Low back pain (LBP) is common in the population and multifactorial in nature, often involving negative consequences. Reassuring information to improve coping is recommended for reducing the negative consequences of LBP. Adding a simple non-threatening explanation for the pain (temporary muscular dysfunction) has been successful at altering beliefs and behavior when delivered with other intervention elements. This study investigates the isolated effect of this specific information on future occupational behavior outcomes when delivered to the workforce.

Design

A cluster-randomized controlled trial.

Methods

Publically employed workers (n = 505) from 11 Danish municipality centers were randomized at center-level (cluster) to either intervention (two 1-hour group-based talks at the workplace) or control. The talks provided reassuring information together with a simple non-threatening explanation for LBP—the ‘functional-disturbance’-model. Data collections took place monthly over a 1-year period using text message tracking (SMS). Primary outcomes were self-reported days of cutting down usual activities and work participation. Secondary outcomes were self-reported back beliefs, work ability, number of healthcare visits, bothersomeness, restricted activity, use of pain medication, and sadness/depression.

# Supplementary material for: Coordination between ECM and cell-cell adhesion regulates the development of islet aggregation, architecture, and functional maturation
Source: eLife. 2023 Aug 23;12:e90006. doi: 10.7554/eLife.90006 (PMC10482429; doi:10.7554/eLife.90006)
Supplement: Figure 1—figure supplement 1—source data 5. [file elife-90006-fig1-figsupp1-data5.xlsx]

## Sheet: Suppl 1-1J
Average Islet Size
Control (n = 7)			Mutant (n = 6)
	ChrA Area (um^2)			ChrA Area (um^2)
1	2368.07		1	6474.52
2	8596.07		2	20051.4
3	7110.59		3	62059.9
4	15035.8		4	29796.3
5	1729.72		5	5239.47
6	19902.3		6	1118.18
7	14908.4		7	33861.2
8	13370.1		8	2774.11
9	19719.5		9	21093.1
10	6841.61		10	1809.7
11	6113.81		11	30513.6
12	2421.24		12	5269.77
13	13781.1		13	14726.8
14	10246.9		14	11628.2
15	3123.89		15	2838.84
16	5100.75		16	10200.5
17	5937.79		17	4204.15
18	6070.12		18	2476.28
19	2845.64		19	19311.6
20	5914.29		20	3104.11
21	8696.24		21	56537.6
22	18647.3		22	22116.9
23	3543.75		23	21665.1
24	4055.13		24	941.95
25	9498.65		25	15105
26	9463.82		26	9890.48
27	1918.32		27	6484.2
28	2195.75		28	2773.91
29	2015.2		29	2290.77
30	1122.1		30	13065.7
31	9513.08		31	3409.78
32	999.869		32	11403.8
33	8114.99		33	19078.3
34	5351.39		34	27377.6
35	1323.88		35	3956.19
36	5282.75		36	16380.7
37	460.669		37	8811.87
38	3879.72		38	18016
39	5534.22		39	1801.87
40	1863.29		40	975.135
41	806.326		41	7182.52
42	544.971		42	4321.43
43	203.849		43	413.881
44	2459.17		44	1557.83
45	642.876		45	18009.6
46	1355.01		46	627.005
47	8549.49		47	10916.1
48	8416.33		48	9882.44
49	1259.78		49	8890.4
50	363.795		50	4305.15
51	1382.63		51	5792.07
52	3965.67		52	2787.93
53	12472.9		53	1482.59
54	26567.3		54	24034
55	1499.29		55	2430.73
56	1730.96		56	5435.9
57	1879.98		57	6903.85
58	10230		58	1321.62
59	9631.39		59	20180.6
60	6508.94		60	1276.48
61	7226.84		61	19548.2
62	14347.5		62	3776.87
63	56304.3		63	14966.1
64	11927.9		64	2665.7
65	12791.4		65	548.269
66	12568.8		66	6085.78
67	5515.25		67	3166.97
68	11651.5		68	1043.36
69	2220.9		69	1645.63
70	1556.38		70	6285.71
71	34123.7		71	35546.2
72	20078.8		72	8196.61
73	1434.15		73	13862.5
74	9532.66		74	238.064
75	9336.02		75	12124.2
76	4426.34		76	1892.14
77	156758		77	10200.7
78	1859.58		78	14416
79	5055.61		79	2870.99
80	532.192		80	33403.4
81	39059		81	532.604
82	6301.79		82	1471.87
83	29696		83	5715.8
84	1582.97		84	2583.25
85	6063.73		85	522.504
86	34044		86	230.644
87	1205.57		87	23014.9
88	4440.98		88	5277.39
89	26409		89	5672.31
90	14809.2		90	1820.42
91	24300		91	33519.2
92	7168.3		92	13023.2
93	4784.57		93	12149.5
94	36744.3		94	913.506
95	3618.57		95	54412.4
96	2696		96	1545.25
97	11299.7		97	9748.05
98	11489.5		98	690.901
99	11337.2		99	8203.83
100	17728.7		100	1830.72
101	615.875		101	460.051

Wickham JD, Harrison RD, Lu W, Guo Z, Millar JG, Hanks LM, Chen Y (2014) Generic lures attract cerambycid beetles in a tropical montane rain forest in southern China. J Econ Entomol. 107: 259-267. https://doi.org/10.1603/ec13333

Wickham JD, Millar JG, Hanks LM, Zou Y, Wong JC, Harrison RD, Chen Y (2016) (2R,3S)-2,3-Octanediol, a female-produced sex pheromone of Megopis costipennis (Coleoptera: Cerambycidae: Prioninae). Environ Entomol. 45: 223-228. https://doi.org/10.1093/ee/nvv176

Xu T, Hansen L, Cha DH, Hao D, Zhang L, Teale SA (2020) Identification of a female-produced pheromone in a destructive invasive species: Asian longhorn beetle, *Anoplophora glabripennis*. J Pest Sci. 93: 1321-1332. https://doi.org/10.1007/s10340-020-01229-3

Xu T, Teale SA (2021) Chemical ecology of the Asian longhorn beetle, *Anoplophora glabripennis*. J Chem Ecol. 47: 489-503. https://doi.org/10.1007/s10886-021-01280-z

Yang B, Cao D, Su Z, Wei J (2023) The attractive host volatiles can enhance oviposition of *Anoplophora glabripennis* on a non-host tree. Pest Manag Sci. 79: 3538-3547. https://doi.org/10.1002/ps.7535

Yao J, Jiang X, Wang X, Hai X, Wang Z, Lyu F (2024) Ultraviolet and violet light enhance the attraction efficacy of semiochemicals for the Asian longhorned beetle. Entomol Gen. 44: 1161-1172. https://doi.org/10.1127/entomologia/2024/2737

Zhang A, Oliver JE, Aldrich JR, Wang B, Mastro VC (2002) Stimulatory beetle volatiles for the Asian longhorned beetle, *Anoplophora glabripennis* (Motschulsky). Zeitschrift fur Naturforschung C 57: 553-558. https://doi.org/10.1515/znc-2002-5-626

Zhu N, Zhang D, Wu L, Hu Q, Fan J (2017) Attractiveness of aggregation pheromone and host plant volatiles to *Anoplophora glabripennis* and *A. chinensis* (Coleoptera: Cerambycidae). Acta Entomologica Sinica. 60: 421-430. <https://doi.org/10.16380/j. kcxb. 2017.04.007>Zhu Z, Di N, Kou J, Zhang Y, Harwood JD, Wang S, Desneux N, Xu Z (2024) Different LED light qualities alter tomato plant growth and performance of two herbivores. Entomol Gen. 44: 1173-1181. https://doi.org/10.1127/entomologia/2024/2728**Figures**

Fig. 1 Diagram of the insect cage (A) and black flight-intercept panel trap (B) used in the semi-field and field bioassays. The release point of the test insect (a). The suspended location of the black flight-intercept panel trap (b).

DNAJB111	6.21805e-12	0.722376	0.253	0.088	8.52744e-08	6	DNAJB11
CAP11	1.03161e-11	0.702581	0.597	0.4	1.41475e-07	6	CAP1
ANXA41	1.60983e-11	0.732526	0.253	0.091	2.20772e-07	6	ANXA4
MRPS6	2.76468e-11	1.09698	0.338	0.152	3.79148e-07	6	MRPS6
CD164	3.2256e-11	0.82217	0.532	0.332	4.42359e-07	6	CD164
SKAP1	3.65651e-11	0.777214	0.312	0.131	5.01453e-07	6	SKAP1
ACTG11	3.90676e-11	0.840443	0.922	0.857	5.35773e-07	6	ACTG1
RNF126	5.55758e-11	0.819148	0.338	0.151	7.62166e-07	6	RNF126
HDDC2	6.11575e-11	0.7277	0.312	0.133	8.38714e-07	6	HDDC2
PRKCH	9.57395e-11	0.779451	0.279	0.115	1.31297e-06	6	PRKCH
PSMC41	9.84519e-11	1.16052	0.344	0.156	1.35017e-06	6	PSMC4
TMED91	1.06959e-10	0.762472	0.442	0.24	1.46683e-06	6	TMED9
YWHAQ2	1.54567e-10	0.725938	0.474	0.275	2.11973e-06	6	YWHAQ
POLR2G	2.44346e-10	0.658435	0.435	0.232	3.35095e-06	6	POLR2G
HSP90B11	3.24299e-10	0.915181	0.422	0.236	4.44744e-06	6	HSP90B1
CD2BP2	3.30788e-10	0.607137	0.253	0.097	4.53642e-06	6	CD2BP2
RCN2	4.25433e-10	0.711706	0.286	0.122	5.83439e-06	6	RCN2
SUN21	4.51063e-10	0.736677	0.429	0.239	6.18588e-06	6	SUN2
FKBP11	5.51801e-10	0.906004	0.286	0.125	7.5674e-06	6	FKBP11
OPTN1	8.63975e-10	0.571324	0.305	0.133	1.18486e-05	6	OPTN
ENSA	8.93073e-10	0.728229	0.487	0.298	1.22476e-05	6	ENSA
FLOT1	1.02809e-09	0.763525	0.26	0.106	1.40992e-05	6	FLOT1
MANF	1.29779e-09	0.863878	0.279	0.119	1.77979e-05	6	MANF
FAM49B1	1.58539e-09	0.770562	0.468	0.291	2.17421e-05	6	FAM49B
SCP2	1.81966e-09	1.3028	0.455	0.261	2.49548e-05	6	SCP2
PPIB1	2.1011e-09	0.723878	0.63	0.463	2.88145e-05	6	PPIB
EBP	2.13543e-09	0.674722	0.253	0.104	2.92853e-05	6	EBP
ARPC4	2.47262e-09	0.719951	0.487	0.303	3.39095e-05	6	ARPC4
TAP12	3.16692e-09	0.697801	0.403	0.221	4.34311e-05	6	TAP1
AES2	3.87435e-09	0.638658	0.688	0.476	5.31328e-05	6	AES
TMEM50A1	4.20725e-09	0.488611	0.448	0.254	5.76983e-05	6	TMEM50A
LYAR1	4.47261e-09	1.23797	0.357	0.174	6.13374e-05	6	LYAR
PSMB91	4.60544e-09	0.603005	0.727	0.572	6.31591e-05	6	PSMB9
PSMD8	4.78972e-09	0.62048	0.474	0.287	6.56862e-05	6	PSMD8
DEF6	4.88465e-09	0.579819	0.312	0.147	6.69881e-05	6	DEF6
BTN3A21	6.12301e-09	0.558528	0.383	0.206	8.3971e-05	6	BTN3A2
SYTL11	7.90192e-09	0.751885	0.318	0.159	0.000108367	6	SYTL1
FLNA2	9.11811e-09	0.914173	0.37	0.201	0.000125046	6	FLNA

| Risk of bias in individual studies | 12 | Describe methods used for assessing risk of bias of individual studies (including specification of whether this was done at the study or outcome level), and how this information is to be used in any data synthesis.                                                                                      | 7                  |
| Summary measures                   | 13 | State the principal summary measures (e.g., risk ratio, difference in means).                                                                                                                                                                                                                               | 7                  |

Results

There was no between-group difference in the development of LBP during follow-up. Cumulative logistic regression analyses showed no between-group difference on days of cutting down activities, but increased odds for more days of work participation in the intervention group (OR = 1.83 95% CI: 1.08–3.12). Furthermore, the intervention group was more likely to report: higher work ability, reduced visits to healthcare professionals, lower bothersomeness, lower levels of sadness/depression, and positive back beliefs.

Conclusion

Reassuring information involving a simple non-threatening explanation for LBP significantly increased the odds for days of work participation and higher work ability among workers who went on to experience LBP during the 12-month follow-up. Our results confirm the potential for public-health education for LBP, and add to the discussion of simple versus multidisciplinary interventions.